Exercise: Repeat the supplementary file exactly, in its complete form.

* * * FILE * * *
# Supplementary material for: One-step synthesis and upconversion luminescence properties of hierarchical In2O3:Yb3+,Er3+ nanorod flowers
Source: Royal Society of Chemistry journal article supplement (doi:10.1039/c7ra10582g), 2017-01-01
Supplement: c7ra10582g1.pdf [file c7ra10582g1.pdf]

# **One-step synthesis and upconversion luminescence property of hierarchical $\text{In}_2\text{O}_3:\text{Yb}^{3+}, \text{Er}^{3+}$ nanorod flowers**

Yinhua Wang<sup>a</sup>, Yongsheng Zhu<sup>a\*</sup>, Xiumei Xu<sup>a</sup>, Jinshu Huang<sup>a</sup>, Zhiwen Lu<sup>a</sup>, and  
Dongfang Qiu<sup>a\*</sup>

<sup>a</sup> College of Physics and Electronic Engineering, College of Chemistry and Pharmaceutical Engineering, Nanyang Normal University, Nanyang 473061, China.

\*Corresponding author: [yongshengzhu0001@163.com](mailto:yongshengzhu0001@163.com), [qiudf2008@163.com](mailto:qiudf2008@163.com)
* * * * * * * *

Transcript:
# Supplementary material for: One-step synthesis and upconversion luminescence properties of hierarchical In2O3:Yb3+,Er3+ nanorod flowers
Source: Royal Society of Chemistry journal article supplement (doi:10.1039/c7ra10582g), 2017-01-01
Supplement: c7ra10582g1.pdf [file c7ra10582g1.pdf]

# **One-step synthesis and upconversion luminescence property of hierarchical $\text{In}_2\text{O}_3:\text{Yb}^{3+}, \text{Er}^{3+}$ nanorod flowers**

Yinhua Wang<sup>a</sup>, Yongsheng Zhu<sup>a\*</sup>, Xiumei Xu<sup>a</sup>, Jinshu Huang<sup>a</sup>, Zhiwen Lu<sup>a</sup>, and  
Dongfang Qiu<sup>a\*</sup>

<sup>a</sup> College of Physics and Electronic Engineering, College of Chemistry and Pharmaceutical Engineering, Nanyang Normal University, Nanyang 473061, China.

\*Corresponding author: [yongshengzhu0001@163.com](mailto:yongshengzhu0001@163.com), [qiudf2008@163.com](mailto:qiudf2008@163.com)